V&T links history and tourism
“Tourism is a malleable industry designed to anticipate and cultivate trends in American society.”
Professor of Environmental History
In October of last year, Hal Rothman, a professor of environmental history at the University of Nevada, Las Vegas, gave the keynote address at the V&T Railroad History Symposium in Carson City. Many of Professor Rothman’s comments, although not specifically related to the V&T Railroad reconstruction effort, were particularly relevant to the task before us. Among other things, he warned against compromising authenticity and the educational benefits of cultural tourism just for the sake of economy.
Professor Rothman has, over the years, authored an impressive number of articles, publications and professional papers. Among these is a piece that appeared in the November 1996 edition of Pacific Historical Review entitled “Selling the Meaning of Place: Entrepreneurship, Tourism and Community Transformation in the Twentieth Century American West.”
In this article, Rothman focuses on the evolution of some of the earliest tourist attractions in the American West (most notably the Grand Canyon and Santa Fe, N.M.) illustrating with these examples what he calls “The transformative power of heritage tourism.” Ironically, in the case of the Grand Canyon, the existence of railroad access increased the marketability of this geological wonder, while in the case of Santa Fe, inaccessibility by rail preserved its image as an exclusive cultural retreat and its illusion of authenticity.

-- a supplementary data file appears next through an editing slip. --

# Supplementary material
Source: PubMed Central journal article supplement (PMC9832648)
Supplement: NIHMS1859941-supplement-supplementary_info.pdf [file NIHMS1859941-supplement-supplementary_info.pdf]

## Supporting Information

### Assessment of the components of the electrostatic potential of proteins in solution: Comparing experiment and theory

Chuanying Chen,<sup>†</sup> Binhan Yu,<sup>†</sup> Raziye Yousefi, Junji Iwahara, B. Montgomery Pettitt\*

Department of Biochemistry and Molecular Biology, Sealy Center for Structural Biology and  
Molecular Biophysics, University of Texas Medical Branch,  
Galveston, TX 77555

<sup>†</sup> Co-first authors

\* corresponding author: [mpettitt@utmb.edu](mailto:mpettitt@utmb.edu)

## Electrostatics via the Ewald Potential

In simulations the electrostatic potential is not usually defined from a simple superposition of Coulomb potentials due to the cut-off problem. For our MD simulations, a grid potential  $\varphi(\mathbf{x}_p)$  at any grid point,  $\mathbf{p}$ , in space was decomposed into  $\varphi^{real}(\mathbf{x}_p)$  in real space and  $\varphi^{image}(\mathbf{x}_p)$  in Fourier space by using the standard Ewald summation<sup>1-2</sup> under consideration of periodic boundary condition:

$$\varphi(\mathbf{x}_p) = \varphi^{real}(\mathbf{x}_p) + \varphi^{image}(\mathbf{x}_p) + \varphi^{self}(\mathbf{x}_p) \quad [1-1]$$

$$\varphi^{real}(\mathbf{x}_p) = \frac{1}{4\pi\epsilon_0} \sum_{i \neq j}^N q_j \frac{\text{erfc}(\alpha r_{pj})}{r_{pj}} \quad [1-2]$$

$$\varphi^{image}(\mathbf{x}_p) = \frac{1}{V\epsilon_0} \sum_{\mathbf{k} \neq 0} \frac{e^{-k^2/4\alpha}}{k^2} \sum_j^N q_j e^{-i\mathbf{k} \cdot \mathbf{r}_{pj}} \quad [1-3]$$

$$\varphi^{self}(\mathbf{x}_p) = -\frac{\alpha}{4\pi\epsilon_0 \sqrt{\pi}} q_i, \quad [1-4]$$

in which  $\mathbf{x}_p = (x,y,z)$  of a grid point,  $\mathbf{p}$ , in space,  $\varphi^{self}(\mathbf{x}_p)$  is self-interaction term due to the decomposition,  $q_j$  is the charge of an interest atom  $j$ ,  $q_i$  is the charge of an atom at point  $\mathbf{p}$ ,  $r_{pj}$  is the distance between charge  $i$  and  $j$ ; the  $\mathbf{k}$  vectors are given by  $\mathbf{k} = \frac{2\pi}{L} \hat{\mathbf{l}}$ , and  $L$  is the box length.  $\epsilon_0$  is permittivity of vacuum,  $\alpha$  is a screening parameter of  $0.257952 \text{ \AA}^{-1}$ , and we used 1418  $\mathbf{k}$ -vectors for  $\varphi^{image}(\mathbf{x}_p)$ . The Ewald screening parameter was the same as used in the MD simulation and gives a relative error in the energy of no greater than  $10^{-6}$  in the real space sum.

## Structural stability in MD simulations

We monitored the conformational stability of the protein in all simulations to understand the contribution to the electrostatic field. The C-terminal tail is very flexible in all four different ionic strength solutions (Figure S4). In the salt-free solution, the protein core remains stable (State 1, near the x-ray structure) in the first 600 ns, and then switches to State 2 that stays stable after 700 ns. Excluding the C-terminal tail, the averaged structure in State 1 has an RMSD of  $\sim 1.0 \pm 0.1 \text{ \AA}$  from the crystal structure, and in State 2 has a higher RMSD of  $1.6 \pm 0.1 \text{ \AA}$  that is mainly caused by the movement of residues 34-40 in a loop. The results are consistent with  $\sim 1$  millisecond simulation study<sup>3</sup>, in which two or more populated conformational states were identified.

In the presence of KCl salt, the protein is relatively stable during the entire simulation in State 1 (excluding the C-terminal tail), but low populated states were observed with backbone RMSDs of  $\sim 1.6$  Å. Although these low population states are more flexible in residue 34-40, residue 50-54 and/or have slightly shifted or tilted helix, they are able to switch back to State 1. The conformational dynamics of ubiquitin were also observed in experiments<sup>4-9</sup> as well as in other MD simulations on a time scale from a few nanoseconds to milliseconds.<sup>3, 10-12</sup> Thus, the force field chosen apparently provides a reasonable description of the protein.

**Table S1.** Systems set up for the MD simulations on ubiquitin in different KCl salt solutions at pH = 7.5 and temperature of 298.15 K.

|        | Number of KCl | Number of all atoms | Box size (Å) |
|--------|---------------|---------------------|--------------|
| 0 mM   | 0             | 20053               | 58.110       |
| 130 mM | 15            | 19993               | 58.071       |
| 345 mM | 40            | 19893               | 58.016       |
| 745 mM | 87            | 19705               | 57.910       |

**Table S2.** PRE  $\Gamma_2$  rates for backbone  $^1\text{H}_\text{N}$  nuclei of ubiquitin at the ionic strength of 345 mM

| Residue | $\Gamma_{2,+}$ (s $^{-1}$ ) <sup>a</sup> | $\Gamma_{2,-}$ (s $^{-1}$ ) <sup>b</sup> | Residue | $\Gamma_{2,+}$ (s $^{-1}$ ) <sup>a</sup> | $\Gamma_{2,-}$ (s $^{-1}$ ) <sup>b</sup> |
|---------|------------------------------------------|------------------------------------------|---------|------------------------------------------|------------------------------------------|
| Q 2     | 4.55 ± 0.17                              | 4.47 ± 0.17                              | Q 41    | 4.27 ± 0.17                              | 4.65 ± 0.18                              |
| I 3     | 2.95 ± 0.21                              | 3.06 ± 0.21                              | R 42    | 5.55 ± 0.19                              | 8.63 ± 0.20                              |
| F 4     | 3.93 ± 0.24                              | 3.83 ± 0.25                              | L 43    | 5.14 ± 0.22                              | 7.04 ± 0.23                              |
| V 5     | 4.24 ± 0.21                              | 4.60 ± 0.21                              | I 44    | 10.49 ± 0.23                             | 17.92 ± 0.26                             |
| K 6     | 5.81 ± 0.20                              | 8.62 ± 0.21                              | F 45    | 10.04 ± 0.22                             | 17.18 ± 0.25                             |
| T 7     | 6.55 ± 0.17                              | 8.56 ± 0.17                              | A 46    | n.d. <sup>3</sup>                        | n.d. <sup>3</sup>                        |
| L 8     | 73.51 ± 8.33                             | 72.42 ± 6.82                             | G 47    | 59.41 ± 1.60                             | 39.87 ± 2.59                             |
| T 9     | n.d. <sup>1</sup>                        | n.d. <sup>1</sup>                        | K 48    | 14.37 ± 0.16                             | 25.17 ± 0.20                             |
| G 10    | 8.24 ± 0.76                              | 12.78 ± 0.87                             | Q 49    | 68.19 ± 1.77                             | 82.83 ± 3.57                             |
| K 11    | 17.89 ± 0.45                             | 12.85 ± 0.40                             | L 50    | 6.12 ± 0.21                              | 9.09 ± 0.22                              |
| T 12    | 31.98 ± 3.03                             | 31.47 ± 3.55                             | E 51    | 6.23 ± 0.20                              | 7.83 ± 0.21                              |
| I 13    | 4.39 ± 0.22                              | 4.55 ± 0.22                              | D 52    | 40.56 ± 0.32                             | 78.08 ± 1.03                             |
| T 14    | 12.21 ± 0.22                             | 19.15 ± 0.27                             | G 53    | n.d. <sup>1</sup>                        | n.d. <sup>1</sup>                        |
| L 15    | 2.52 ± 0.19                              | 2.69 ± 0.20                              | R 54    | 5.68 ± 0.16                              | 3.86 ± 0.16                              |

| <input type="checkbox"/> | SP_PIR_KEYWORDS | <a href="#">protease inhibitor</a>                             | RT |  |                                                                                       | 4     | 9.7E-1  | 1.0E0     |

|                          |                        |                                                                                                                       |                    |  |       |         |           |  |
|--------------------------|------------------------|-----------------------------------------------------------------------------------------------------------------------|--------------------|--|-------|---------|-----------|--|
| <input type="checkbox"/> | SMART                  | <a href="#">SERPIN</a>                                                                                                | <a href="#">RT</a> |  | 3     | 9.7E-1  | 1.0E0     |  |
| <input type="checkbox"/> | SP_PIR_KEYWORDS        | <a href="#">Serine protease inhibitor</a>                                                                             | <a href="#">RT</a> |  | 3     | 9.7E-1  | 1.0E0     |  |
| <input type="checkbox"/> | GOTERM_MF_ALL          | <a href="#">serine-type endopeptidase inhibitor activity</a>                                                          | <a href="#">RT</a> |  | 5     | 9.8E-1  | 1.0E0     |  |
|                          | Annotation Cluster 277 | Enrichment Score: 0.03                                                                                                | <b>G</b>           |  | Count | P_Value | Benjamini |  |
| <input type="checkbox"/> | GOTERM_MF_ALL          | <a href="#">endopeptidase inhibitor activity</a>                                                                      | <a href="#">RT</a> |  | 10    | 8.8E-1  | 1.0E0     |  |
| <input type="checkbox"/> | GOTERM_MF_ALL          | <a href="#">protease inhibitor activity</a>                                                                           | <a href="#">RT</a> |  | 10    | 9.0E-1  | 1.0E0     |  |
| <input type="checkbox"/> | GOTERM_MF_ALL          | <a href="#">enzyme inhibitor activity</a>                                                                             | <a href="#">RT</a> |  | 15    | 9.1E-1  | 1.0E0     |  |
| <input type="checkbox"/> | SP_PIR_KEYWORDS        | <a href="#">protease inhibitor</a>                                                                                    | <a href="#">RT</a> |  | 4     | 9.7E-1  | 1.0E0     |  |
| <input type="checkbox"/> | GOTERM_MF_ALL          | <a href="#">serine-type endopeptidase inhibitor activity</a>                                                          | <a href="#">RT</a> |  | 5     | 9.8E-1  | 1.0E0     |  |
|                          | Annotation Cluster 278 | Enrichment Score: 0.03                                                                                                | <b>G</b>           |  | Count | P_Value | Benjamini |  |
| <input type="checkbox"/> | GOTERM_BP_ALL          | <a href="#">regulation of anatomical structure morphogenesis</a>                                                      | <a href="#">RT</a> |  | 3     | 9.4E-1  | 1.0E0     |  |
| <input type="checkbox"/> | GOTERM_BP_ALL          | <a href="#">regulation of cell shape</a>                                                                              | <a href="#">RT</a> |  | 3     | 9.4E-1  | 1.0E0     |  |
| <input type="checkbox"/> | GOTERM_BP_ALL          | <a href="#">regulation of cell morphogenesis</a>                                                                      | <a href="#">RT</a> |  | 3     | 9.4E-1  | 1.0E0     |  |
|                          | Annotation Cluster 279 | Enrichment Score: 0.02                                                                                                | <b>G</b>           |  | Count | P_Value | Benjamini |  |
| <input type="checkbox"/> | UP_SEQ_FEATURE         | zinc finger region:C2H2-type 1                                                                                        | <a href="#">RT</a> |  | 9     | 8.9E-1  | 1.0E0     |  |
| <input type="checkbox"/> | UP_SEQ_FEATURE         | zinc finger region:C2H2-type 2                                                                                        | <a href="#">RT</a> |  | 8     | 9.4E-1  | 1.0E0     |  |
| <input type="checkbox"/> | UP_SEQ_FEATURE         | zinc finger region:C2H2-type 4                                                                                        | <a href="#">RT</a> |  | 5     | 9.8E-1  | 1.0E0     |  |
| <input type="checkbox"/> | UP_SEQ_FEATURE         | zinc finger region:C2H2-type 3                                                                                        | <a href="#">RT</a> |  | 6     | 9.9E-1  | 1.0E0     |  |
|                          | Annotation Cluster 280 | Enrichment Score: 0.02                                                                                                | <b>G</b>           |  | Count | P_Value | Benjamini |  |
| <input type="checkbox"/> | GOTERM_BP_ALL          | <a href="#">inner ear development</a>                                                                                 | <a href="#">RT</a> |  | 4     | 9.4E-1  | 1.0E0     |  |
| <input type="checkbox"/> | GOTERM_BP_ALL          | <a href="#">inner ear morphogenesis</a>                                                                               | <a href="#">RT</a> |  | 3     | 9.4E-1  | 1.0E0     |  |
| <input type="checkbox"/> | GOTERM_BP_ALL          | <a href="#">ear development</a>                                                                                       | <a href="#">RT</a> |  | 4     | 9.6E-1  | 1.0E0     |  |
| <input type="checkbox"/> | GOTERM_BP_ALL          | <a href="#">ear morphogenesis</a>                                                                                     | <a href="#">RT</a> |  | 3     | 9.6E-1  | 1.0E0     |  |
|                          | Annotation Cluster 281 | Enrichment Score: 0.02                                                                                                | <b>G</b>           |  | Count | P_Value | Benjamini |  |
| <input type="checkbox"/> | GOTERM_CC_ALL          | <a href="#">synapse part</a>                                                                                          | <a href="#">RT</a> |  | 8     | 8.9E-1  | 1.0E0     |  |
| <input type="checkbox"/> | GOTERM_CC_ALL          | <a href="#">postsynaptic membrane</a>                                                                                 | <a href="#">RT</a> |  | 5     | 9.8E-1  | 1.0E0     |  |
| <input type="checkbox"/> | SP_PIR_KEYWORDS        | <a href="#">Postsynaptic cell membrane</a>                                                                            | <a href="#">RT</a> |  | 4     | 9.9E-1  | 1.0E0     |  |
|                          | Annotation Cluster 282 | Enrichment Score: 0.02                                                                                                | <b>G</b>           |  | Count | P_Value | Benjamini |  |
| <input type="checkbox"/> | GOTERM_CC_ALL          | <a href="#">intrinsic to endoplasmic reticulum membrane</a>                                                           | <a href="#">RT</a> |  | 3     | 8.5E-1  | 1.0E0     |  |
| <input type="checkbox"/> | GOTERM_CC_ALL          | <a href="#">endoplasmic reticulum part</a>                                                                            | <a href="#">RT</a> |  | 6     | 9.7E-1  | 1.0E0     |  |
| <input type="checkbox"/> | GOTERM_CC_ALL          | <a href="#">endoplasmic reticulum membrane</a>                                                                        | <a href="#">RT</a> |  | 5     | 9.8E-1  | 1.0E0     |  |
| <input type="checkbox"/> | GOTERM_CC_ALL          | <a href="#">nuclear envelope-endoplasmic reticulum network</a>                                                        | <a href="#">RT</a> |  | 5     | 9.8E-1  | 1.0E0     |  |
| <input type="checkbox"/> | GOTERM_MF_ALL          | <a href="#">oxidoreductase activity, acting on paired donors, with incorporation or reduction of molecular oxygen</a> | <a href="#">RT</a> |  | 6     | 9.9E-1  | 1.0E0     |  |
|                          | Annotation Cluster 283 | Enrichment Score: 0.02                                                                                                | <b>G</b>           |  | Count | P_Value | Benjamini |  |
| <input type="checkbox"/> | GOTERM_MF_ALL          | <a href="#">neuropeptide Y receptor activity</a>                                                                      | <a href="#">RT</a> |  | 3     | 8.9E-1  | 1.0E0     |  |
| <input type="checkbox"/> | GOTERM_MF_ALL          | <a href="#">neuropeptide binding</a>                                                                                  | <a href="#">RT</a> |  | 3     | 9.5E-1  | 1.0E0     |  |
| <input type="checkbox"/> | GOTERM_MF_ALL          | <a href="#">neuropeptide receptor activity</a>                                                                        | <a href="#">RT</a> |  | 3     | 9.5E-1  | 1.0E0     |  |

In the case of the Grand Canyon, the Atchison, Topeka and Santa Fe (AT&SF), recognized, like other railroads, that it could increase business by creating a so-called “Romantic Terminus” – in the words of Professor Rothman,” an iconographic celebration of western topography and indigenous culture that convinced visitors to “See America First.”
As a direct result of lantern slide presentations, promotional literature and referrals, thousands of visitors rode the train annually to the Grand Canyon in the late 1800s and the early part of the 20th century. Traffic on the rails increased and vacation destinations were expanded to include western sites with symbolic meaning, spectacular scenery and first-class accommodations.
The Grand Canyon was marketed not only for its natural splendor, but also for what it came to represent – the embodiment of what is great and glorious about the American continent and the people who pioneered it.
Santa Fe, on the other hand, was on its way to oblivion before it was rescued from “the scrap heap of western history” by the aggressive and deliberate marketing of its culture. In the 1800s, the rails that opened the door to western expansion bypassed Santa Fe. Interestingly, it was this geographical isolation that led to its salvation.
Santa Fe became a sanctuary for those seeking a preindustrial experience and eventually evolved into what it is today – “a state of mind.” Its cultural identity was deliberately manipulated to create a romantic niche in the modern world.
In many respects, northern Nevada is a composite of the destinations just described. It is blessed not only with an abundance of natural beauty but also with a rich and bountiful history. In order for us, however, to realize our true potential as a region, we must develop a vision of our cultural meaning and the financial courage to pursue a grander destiny.
The reconstruction of the Virginia & Truckee Railroad represents a real and symbolic link between our heritage and the prosperity that lies within our grasp.